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By Phaisythong Chandara (Laos), Sam Rith (Cambodia),
Van Anh (Vietnam), Chheang Bopha (Cambodia) and Panyasith Thammavongsa (Laos)

PONG HAI VILLAGE, Chiang Mai – A 23-year-old hill-tribe woman in this remote northern village married her husband despite knowing he had HIV and would die soon. When asked why she would do that, the woman said, “I love him very much and I’d like to die with him.”

Tassanee Srimongkol, the northern project director of Planned Parenthood Association of Thailand, tells that story to show how difficult it is to educate the ethnic minorities in northern Thailand.

HIV is ravaging many hill tribes, already claiming 10 of 297 residents in the Lahu village of Pong Hai alone, leaving orphans to be cared for by their grandparents.

Nineteen have tested HIV-positive here, giving Pong Hai an infection rate of 6.5 percent, more than twice the rate in Cambodia (2.6 percent), which has the highest rate in Asia. Even more alarming, 40 percent of those who volunteer for blood tests come back HIV-positive. The epidemic here has been fueled by lack of education, grinding poverty and risky, cultural habits such as premarital sex without protection and multiple sex partners for men after marriage.

Northern Thailand is home to about 15 hill tribes, many of which migrated here from China. When HIV first arrived here about a decade ago, many highlanders thought people were dying because they had done something to make the spirits or ghosts angry.

When Tassannee’s team first asked the nearby Hmong to use condoms, for example, they compared them to umbrellas that would protect only the head from rain, “while the other parts of the body get wet.”

Even with some education, Tassannee said the situation remains serious in villages like Pong Hai because ethnic minorities don’t get enough help from the government, and Lahu men aren’t interested in learning how to protect themselves from the virus.

She explains that men have the “power” in the community, and women can’t force them to use condoms or be faithful.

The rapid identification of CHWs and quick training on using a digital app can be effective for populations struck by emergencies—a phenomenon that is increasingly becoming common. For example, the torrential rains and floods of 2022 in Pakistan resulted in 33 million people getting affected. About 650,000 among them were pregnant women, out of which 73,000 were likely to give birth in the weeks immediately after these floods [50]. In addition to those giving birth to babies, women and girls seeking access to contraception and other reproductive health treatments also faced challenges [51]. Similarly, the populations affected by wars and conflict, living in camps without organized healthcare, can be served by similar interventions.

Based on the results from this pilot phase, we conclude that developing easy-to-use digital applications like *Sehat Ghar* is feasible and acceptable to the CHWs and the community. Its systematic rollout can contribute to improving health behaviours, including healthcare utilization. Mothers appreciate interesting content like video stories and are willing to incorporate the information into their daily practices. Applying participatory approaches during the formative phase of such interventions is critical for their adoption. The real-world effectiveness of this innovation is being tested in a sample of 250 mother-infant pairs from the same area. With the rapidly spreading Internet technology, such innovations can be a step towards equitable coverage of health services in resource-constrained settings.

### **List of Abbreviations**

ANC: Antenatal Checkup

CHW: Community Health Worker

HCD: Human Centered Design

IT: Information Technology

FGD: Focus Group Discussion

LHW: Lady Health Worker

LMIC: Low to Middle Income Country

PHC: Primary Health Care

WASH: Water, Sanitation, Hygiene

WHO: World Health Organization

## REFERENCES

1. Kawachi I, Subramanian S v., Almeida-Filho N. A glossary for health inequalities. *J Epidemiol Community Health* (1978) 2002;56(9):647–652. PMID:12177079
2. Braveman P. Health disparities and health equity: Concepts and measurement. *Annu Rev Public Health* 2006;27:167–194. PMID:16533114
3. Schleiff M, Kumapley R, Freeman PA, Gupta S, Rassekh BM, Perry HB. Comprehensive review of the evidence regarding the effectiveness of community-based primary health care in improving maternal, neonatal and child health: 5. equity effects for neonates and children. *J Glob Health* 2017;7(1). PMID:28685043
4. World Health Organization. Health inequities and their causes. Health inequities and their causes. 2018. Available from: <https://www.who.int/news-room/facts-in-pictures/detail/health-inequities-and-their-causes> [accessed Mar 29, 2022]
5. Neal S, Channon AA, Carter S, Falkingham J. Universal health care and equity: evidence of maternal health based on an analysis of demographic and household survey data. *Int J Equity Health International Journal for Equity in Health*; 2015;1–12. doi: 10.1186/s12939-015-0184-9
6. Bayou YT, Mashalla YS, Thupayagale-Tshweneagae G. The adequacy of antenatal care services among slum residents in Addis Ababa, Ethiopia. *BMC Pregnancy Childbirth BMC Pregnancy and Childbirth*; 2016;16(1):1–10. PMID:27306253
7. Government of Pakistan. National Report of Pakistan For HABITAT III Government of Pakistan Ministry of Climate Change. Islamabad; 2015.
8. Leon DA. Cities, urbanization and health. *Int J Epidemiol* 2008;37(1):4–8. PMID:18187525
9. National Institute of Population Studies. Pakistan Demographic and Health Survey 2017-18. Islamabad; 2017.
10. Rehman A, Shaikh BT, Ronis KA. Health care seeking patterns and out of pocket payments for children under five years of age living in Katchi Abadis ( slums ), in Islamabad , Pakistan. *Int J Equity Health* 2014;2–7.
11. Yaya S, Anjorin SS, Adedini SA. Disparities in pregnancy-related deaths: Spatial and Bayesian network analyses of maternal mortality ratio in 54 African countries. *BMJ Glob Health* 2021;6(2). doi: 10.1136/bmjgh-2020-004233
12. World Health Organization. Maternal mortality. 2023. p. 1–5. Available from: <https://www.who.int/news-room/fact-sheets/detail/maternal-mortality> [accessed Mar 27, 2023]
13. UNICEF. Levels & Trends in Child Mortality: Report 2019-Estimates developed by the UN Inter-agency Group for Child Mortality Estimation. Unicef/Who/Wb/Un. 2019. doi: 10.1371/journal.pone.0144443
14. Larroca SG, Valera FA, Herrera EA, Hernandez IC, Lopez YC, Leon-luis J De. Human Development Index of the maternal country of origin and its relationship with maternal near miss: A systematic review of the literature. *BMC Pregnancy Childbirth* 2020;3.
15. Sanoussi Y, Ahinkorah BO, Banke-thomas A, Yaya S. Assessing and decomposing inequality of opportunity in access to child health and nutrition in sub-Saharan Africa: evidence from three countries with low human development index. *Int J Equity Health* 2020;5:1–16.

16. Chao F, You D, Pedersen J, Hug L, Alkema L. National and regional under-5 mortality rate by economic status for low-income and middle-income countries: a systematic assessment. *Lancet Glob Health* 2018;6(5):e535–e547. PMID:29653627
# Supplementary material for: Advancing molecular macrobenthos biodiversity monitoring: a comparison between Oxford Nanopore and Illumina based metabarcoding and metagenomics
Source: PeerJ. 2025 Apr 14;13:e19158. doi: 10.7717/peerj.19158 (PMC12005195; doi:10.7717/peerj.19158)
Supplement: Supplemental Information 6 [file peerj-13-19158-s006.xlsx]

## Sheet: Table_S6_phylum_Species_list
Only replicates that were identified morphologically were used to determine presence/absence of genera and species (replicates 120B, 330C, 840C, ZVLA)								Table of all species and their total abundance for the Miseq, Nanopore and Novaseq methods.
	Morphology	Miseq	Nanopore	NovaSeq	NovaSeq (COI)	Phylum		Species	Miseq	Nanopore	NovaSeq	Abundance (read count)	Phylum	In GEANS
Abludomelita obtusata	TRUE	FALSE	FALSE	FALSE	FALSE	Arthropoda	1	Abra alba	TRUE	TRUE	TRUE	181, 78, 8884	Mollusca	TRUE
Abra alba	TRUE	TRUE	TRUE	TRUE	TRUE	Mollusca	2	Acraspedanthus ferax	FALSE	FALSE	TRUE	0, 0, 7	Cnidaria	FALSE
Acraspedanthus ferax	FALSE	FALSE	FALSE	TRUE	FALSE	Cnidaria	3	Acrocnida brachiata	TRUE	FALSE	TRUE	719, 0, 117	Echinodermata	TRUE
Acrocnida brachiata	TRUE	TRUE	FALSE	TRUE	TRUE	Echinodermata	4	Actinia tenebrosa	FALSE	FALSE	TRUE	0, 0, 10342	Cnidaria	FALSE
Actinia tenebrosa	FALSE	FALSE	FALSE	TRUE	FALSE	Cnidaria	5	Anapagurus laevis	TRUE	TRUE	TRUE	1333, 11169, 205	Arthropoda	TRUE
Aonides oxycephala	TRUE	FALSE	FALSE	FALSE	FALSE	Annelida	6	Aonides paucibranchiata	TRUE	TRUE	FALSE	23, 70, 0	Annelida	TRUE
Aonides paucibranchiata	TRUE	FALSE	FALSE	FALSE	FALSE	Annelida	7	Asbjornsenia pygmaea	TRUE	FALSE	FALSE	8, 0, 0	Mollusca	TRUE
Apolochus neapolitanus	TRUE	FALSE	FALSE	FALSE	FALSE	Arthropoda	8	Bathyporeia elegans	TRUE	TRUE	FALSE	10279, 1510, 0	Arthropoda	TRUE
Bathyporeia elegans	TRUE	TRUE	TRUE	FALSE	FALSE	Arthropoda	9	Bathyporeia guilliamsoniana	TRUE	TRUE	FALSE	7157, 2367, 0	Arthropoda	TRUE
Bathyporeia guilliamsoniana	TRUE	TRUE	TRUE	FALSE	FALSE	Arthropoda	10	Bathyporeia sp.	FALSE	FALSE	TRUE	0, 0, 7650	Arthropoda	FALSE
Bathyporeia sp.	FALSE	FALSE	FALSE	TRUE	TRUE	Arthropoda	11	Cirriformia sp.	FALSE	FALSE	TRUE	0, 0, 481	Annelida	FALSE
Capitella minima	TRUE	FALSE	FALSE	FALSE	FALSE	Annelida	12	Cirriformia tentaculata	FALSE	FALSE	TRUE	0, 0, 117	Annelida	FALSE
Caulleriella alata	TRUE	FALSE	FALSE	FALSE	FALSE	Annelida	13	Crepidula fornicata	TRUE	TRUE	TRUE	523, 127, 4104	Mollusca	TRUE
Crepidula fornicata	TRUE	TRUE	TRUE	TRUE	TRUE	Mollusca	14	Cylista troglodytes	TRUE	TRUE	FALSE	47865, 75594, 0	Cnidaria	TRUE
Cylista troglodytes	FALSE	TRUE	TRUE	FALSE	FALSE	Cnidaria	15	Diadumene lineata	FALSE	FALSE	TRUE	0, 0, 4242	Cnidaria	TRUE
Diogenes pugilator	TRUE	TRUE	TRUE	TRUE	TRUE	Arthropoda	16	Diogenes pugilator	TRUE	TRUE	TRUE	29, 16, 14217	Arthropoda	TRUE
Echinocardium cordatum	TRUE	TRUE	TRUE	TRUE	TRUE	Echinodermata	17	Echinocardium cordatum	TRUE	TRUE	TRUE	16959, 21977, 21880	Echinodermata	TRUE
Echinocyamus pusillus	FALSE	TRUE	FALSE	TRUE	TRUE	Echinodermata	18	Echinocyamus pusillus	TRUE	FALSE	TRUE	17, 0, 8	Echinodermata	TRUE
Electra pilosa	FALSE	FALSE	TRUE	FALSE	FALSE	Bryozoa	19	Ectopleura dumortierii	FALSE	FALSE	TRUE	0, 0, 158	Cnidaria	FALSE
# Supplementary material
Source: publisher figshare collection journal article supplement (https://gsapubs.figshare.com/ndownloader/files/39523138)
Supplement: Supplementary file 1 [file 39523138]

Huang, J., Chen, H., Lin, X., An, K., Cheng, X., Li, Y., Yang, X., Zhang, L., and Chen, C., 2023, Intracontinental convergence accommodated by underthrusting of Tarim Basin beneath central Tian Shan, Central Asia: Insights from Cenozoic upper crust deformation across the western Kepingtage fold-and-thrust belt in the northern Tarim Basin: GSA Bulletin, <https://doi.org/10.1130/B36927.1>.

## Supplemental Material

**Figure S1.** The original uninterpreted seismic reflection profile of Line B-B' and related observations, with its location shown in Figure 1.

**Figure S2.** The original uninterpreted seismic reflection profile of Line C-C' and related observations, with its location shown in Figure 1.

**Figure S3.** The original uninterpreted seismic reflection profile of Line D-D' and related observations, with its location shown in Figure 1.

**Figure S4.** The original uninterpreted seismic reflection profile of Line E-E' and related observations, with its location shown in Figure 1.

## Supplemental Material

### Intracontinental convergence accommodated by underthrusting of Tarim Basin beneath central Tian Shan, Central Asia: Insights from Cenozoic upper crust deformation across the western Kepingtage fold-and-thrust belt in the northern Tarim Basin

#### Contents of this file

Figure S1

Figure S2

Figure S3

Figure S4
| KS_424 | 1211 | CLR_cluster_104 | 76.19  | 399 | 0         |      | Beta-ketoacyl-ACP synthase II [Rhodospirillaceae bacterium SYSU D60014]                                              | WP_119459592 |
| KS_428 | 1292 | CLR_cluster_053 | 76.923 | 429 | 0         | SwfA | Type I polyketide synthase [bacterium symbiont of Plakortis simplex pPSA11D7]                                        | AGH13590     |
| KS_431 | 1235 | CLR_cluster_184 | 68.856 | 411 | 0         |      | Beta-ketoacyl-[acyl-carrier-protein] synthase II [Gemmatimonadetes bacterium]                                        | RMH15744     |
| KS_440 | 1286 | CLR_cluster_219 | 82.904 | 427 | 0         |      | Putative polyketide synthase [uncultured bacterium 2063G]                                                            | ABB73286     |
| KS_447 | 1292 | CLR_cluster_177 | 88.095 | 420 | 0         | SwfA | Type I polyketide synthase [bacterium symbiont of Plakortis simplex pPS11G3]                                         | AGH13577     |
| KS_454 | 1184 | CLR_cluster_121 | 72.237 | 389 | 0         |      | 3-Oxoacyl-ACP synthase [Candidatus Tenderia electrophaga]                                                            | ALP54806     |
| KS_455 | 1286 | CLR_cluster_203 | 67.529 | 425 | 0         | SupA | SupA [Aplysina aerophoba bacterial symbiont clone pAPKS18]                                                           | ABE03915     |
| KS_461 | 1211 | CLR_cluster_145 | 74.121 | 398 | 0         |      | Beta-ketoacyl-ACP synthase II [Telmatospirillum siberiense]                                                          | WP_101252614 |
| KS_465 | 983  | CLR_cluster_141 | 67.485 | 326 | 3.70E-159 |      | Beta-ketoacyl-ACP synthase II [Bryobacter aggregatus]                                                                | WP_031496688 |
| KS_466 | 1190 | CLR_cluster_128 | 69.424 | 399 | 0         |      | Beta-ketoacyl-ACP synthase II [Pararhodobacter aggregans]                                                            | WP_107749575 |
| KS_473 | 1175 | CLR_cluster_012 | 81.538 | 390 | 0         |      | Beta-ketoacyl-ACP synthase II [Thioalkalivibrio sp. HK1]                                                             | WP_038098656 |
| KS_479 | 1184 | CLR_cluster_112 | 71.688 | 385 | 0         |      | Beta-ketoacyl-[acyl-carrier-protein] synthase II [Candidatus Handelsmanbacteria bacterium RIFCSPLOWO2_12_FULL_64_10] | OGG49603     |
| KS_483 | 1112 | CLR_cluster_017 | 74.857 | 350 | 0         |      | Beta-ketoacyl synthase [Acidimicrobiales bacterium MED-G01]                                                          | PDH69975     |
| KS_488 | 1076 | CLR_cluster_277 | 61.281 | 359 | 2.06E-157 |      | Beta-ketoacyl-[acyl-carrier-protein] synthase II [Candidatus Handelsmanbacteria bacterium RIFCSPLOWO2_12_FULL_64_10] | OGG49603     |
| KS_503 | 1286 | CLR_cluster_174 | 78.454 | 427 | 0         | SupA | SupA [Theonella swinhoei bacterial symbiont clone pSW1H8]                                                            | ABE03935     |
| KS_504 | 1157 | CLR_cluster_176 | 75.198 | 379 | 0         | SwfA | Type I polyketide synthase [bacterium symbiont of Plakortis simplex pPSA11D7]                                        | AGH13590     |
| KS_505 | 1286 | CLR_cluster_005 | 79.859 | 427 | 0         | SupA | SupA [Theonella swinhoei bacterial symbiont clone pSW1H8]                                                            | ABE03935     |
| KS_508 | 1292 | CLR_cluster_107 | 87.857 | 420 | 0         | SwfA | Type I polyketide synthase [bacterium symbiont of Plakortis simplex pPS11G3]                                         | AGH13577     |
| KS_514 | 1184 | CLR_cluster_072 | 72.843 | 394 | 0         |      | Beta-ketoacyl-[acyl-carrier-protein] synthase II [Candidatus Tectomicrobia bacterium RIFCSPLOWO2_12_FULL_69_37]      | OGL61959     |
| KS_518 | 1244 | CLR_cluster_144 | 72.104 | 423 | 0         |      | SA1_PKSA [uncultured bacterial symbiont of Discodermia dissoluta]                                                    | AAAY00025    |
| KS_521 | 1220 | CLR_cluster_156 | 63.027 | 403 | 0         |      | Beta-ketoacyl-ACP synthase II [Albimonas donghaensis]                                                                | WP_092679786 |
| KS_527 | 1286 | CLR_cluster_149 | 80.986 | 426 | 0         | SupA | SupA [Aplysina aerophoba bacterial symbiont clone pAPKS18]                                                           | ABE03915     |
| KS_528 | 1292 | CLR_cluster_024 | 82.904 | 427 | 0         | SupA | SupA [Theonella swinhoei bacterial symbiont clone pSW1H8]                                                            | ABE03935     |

“Especially at the New Year’s festival there is a good opportunity to spread the virus among the hill tribes because most of them come from different places and join in eating and drinking together, and having sex without protection,” she said.

Among the Lahu, it’s also customary for teen-age girls to begin having sex as soon as they have their first menstrual period.

Nithal Rattanithat, a Planned Parenthood volunteer in Pong Hai, said 80 percent of those infected are female.

Poverty, he said, forces villagers, especially women, to leave their homes to find jobs, often selling sex at karaoke clubs or bars in Chiang Mai and other provinces.

The topic is taboo, however. Lahu instead say their daughters left home to work at a “restaurant.”

Men working construction also bring back HIV from prostitutes. During a recent visit to the village center, the burden on the elderly was immediately apparent.

Na Si Jo, 48, cradling her grandson to sleep, said she had lost two daughters to AIDS. “They used to be the bread winners in my family,” she said.

Na Kha, 65, said she had lost two sons and two daughters and now is taking care of their three children.

“I cannot work because I am getting old,” the nearly toothless woman said. “I cook for them and take care of them as much as I can.”

Each orphan receives 500 baht a month from a government fund, but otherwise Na Kha must rely on support from her surviving children.

Nhahar Na, 56, has a similar story. Sitting on a wooden bench with her sleeping grandson on her thigh, she said her oldest daughter died five years ago, leaving the boy. She grows lychees, but said she can’t make much money because of the low price. "I was very shocked when my daughter died of AIDS,” she said. “Anyway, my daughter left her son with me, so I have to try my best to look after him."

There does appear to be a glimmer of hope. Planned Parenthood is working hard to educate young people about HIV and safe sex, and one of the trainers said it is catching on. The elderly also are helping. Na Kha and Na Si Jo are two of many community educators who meet every month and try to persuade young people to use condoms. Na Kha said her message is simple. “If you do not use condoms, you will die.”

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